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Death of James Earl Ray Leaves Unanswered Questions

by Bill Johnson


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on question of who shot Martin Luther King Jr.
(AR) -- The death of James Earl Ray, the once-admitted and oft-denied killer of Martin Luther King Jr., leaves an unfinished page in the violent history of America's 20th Century.

It seems unlikely now that anyone will ever be able to answer definitively whether Ray, acting alone, fired the shot that killed King on the balcony of a Memphis motel more than 31 years ago. Ray admitted the shooting in a half-day trial -- and almost immediately recanted his confession.

The oddest twist came recently when members of King's family said they now believed Ray was an innocent pawn and that he should be granted a new trial.

King's son, Dexter King, met last year with Ray in the Lois DeBerry Special Needs Facility in Tennessee, where Ray was serving a 99-year term for the slaying.

Dexter King told Ray that it was "important for myself and my family to reach out firsthand and for all time's sake have this opportunity. I want to ask for the record: did you kill my father?"

"No, I didn't," Ray said. "No, no."

"As awkward as it may seem, I believe you and my family believes you, and we will do everything in our power to see you prevail," Dexter King replied.

Corretta King, the widow of the slain civil rights leater, later said she was joining Ray in his attempt to gain a new trial.

Ray died at about 6:10 a.m. EST Thursday afternoon after battling a worsening liver condition. He had been refused permission to seek a transplant in another state after Tennessee hospitals turned him down because of his age.


Recalling April 4, 1968
It was warm and humid evening in Memphis that April 4, 1968, when King stepped from his second-floor room to the balcony of the Lorraine Motel to discuss dinner plans. One shot rang out, and King fell, mortally wounded.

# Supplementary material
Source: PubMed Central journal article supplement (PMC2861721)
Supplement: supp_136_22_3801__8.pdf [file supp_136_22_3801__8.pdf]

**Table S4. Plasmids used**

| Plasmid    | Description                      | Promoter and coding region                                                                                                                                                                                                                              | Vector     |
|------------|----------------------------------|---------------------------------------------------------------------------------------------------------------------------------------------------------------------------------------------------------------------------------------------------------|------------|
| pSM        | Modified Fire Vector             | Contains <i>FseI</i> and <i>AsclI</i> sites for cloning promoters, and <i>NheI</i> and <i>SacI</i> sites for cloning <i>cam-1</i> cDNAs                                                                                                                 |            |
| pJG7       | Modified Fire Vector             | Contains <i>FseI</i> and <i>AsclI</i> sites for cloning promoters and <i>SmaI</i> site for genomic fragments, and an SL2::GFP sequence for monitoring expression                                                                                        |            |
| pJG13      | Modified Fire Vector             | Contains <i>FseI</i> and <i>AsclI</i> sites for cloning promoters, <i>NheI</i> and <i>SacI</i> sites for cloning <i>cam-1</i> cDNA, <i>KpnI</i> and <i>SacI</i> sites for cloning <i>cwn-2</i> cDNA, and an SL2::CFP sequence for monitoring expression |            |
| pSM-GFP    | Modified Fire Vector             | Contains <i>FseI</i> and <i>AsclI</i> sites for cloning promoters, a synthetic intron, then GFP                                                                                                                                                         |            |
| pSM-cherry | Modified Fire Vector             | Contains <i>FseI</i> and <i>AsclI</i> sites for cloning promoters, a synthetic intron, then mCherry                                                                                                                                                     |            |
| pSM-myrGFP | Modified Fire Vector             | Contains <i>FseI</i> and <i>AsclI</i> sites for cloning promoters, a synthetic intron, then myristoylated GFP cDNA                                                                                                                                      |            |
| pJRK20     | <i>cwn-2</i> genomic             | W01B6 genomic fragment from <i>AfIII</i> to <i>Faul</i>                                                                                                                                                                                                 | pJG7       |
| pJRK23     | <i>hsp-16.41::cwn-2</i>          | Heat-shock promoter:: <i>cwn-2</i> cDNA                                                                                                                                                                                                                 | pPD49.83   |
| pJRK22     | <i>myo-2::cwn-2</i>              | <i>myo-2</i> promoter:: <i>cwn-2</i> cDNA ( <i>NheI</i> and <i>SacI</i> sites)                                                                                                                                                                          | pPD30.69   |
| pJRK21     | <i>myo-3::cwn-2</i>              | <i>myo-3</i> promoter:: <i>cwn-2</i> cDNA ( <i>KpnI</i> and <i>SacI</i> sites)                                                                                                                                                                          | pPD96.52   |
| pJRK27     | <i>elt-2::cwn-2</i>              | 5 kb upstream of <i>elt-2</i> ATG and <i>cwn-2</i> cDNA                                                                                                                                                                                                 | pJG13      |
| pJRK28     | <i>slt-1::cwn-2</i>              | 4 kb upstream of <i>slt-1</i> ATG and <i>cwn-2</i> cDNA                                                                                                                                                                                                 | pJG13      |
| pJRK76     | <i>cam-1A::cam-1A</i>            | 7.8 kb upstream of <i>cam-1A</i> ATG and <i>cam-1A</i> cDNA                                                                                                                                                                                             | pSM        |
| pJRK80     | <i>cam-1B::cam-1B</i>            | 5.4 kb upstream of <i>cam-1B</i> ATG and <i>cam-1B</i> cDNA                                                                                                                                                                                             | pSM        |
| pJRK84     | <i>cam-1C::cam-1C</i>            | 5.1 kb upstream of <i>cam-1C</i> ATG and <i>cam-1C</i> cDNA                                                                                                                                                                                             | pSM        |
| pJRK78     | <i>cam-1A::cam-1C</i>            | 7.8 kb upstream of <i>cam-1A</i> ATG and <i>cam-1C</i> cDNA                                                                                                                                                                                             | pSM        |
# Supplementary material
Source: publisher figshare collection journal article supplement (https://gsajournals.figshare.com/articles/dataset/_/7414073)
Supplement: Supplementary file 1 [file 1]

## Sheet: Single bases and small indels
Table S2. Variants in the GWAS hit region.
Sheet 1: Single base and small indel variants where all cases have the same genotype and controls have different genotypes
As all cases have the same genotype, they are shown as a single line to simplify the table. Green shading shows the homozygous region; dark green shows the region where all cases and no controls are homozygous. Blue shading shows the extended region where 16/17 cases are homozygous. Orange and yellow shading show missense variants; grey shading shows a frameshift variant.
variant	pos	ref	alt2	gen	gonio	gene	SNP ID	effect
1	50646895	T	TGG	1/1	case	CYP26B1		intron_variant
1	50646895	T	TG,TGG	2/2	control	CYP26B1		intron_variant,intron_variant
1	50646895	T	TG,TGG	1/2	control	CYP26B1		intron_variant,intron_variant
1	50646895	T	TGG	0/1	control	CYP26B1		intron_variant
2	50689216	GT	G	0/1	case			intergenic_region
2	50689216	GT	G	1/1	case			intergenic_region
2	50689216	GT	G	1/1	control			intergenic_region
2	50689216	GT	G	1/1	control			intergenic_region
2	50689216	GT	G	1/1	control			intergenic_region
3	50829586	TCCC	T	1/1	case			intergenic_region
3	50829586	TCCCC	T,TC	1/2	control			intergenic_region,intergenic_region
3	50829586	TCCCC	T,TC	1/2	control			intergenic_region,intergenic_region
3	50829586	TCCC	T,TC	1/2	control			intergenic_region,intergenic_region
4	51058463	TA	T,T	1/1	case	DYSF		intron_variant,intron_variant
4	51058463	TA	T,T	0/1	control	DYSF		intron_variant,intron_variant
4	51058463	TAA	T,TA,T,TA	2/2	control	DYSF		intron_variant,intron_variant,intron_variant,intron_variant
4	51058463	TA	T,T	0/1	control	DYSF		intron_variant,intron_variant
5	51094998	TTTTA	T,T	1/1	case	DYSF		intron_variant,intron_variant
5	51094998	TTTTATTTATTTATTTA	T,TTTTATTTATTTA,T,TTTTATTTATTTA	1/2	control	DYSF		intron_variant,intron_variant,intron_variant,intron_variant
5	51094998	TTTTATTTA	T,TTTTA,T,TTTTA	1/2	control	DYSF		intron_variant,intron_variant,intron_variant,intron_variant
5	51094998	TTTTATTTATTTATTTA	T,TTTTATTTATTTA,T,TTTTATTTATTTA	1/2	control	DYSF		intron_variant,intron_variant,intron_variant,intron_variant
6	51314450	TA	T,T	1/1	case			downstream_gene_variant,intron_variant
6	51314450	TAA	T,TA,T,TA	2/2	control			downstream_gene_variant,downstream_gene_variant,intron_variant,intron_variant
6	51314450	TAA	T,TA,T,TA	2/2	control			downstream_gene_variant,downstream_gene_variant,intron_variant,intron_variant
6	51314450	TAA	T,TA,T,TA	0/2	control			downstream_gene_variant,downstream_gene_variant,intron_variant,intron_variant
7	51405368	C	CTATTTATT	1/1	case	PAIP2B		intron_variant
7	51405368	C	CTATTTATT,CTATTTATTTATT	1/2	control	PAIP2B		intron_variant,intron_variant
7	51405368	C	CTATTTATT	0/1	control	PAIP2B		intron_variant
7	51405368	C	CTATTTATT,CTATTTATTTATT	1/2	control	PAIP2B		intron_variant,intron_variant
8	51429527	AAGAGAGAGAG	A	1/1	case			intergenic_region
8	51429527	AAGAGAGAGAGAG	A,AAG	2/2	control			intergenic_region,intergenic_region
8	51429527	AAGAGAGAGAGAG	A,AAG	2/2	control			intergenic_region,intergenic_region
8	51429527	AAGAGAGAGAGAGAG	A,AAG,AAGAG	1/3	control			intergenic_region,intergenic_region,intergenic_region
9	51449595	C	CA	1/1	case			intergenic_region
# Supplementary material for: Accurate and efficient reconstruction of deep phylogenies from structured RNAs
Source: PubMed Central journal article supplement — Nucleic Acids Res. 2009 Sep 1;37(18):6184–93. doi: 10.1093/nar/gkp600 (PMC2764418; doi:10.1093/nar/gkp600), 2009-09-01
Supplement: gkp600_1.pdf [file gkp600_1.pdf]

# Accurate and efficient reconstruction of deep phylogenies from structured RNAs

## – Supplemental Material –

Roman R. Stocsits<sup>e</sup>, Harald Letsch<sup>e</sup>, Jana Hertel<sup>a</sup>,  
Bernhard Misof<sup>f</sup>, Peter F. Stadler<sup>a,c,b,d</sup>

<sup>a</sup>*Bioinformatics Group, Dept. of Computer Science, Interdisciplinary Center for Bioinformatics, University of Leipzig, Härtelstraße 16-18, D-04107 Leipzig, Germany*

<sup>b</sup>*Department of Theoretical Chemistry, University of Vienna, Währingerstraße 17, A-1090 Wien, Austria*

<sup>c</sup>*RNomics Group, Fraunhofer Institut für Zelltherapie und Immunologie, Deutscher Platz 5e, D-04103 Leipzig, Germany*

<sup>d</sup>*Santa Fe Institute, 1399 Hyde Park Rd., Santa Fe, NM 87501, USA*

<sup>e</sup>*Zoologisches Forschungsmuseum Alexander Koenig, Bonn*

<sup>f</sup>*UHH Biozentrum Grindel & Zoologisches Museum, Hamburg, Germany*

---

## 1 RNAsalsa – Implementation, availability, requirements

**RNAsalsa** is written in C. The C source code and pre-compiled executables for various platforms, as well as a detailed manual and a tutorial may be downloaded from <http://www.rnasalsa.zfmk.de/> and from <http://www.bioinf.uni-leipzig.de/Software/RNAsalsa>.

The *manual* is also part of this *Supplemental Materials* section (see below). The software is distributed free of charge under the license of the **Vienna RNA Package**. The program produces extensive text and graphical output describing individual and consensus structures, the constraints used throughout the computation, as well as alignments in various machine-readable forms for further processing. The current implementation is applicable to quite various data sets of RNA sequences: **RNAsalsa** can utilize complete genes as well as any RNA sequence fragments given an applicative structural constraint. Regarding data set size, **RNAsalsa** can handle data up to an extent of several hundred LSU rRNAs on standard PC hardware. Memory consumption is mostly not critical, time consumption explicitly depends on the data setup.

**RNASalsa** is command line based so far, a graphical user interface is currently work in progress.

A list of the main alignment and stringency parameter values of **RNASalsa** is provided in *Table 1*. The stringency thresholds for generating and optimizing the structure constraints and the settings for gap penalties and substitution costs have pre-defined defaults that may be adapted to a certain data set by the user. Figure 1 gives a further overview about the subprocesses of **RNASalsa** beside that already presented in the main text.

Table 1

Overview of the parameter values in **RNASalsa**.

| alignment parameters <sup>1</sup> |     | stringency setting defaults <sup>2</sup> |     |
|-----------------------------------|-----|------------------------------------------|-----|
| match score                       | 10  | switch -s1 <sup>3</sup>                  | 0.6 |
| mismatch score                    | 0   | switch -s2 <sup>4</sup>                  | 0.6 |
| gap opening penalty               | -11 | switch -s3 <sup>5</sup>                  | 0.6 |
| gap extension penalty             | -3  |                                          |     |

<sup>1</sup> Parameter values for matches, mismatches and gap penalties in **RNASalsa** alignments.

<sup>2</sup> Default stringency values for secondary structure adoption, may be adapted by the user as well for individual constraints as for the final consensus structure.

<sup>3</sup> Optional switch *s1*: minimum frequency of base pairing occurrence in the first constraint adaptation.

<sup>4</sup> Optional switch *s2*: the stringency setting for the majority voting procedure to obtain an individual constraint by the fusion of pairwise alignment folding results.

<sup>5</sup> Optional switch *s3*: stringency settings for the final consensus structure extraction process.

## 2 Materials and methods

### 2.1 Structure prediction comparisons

The motel's parking lot was flooded immediately by uniformed and plain-clothed police who had been keeping a vigil on King and his entourage. King was in Memphis to lend his support to the city's garbage collectors, most of them black, who were on strike against the city.

A famous photograph of King's aides immediately after the shooting shows several of them pointing across the street. Everyone agrees the shot came from across the street, but prosecutors say it came from a second-story window of a boarding house while others argue it came from a brushy vacant lot below the boarding house.

Ironically, the brush in that lot was chopped down the next day. Police officials said the lot was cleared to make their search easier.

King had been in Memphis several weeks earlier, when a march he led erupted into violence as young blacks began breaking out the plate-glass windows of stores along the march route. King, who consistently counseled nonviolence, was hustled into a car, which quickly sped him from the scene.

King promised he would return, and promised that the next march he led would be non-violent.